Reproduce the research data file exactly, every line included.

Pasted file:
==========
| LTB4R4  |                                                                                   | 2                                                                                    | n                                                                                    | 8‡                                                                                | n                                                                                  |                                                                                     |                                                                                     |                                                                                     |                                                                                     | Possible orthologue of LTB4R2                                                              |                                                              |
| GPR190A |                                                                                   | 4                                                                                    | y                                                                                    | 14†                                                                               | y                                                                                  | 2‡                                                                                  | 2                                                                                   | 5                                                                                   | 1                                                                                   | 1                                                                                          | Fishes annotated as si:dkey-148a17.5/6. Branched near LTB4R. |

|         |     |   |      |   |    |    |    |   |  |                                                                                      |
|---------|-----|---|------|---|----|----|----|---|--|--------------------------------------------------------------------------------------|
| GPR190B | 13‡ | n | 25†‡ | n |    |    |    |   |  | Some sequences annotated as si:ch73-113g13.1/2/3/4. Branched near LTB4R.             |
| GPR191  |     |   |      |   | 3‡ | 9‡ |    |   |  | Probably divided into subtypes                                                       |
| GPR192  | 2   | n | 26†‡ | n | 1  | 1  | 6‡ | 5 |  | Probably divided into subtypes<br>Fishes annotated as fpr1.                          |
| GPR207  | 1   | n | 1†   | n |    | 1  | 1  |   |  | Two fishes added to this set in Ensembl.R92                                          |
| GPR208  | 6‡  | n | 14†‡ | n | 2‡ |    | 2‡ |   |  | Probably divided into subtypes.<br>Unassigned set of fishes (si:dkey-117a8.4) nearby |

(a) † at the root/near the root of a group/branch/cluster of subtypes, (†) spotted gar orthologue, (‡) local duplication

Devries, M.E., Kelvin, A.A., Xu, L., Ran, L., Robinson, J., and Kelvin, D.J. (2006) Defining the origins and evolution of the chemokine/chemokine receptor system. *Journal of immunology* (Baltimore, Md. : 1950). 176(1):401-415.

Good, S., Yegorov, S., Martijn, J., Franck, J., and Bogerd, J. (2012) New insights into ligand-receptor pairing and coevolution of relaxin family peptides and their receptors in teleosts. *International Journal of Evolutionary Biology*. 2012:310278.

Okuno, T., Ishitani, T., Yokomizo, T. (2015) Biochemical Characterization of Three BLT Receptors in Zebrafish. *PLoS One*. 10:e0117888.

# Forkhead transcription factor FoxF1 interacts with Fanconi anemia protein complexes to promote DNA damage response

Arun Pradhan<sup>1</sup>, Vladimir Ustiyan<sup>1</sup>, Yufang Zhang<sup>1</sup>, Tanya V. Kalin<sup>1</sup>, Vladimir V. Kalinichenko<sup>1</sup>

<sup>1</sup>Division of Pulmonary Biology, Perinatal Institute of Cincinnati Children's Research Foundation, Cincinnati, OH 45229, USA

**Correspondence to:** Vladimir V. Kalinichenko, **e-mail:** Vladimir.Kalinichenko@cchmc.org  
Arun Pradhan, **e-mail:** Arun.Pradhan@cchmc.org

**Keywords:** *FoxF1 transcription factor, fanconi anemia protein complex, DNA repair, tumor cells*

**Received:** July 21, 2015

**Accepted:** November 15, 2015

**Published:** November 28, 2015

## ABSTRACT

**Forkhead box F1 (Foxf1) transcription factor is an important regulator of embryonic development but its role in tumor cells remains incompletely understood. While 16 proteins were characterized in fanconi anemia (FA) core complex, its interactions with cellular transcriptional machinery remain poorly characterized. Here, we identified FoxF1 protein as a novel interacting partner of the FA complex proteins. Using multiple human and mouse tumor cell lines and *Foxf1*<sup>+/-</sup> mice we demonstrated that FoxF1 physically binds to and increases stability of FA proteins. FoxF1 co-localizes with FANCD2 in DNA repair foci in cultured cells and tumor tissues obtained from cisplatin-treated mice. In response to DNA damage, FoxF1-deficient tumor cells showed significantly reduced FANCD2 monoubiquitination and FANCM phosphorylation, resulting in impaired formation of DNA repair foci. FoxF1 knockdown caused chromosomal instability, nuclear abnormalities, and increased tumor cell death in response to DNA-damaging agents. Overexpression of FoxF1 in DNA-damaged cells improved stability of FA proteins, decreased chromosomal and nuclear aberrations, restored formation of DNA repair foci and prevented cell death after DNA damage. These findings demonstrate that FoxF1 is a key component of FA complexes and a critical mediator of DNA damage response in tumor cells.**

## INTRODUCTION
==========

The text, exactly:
| LTB4R4  |                                                                                   | 2                                                                                    | n                                                                                    | 8‡                                                                                | n                                                                                  |                                                                                     |                                                                                     |                                                                                     |                                                                                     | Possible orthologue of LTB4R2                                                              |                                                              |
| GPR190A |                                                                                   | 4                                                                                    | y                                                                                    | 14†                                                                               | y                                                                                  | 2‡                                                                                  | 2                                                                                   | 5                                                                                   | 1                                                                                   | 1                                                                                          | Fishes annotated as si:dkey-148a17.5/6. Branched near LTB4R. |

|         |     |   |      |   |    |    |    |   |  |                                                                                      |
|---------|-----|---|------|---|----|----|----|---|--|--------------------------------------------------------------------------------------|
| GPR190B | 13‡ | n | 25†‡ | n |    |    |    |   |  | Some sequences annotated as si:ch73-113g13.1/2/3/4. Branched near LTB4R.             |
| GPR191  |     |   |      |   | 3‡ | 9‡ |    |   |  | Probably divided into subtypes                                                       |
| GPR192  | 2   | n | 26†‡ | n | 1  | 1  | 6‡ | 5 |  | Probably divided into subtypes<br>Fishes annotated as fpr1.                          |
| GPR207  | 1   | n | 1†   | n |    | 1  | 1  |   |  | Two fishes added to this set in Ensembl.R92                                          |
| GPR208  | 6‡  | n | 14†‡ | n | 2‡ |    | 2‡ |   |  | Probably divided into subtypes.<br>Unassigned set of fishes (si:dkey-117a8.4) nearby |

(a) † at the root/near the root of a group/branch/cluster of subtypes, (†) spotted gar orthologue, (‡) local duplication

Devries, M.E., Kelvin, A.A., Xu, L., Ran, L., Robinson, J., and Kelvin, D.J. (2006) Defining the origins and evolution of the chemokine/chemokine receptor system. *Journal of immunology* (Baltimore, Md. : 1950). 176(1):401-415.

Good, S., Yegorov, S., Martijn, J., Franck, J., and Bogerd, J. (2012) New insights into ligand-receptor pairing and coevolution of relaxin family peptides and their receptors in teleosts. *International Journal of Evolutionary Biology*. 2012:310278.

Okuno, T., Ishitani, T., Yokomizo, T. (2015) Biochemical Characterization of Three BLT Receptors in Zebrafish. *PLoS One*. 10:e0117888.

# Forkhead transcription factor FoxF1 interacts with Fanconi anemia protein complexes to promote DNA damage response

Arun Pradhan<sup>1</sup>, Vladimir Ustiyan<sup>1</sup>, Yufang Zhang<sup>1</sup>, Tanya V. Kalin<sup>1</sup>, Vladimir V. Kalinichenko<sup>1</sup>

<sup>1</sup>Division of Pulmonary Biology, Perinatal Institute of Cincinnati Children's Research Foundation, Cincinnati, OH 45229, USA

**Correspondence to:** Vladimir V. Kalinichenko, **e-mail:** Vladimir.Kalinichenko@cchmc.org  
Arun Pradhan, **e-mail:** Arun.Pradhan@cchmc.org

**Keywords:** *FoxF1 transcription factor, fanconi anemia protein complex, DNA repair, tumor cells*

**Received:** July 21, 2015

**Accepted:** November 15, 2015

**Published:** November 28, 2015

## ABSTRACT

**Forkhead box F1 (Foxf1) transcription factor is an important regulator of embryonic development but its role in tumor cells remains incompletely understood. While 16 proteins were characterized in fanconi anemia (FA) core complex, its interactions with cellular transcriptional machinery remain poorly characterized. Here, we identified FoxF1 protein as a novel interacting partner of the FA complex proteins. Using multiple human and mouse tumor cell lines and *Foxf1*<sup>+/-</sup> mice we demonstrated that FoxF1 physically binds to and increases stability of FA proteins. FoxF1 co-localizes with FANCD2 in DNA repair foci in cultured cells and tumor tissues obtained from cisplatin-treated mice. In response to DNA damage, FoxF1-deficient tumor cells showed significantly reduced FANCD2 monoubiquitination and FANCM phosphorylation, resulting in impaired formation of DNA repair foci. FoxF1 knockdown caused chromosomal instability, nuclear abnormalities, and increased tumor cell death in response to DNA-damaging agents. Overexpression of FoxF1 in DNA-damaged cells improved stability of FA proteins, decreased chromosomal and nuclear aberrations, restored formation of DNA repair foci and prevented cell death after DNA damage. These findings demonstrate that FoxF1 is a key component of FA complexes and a critical mediator of DNA damage response in tumor cells.**

## INTRODUCTION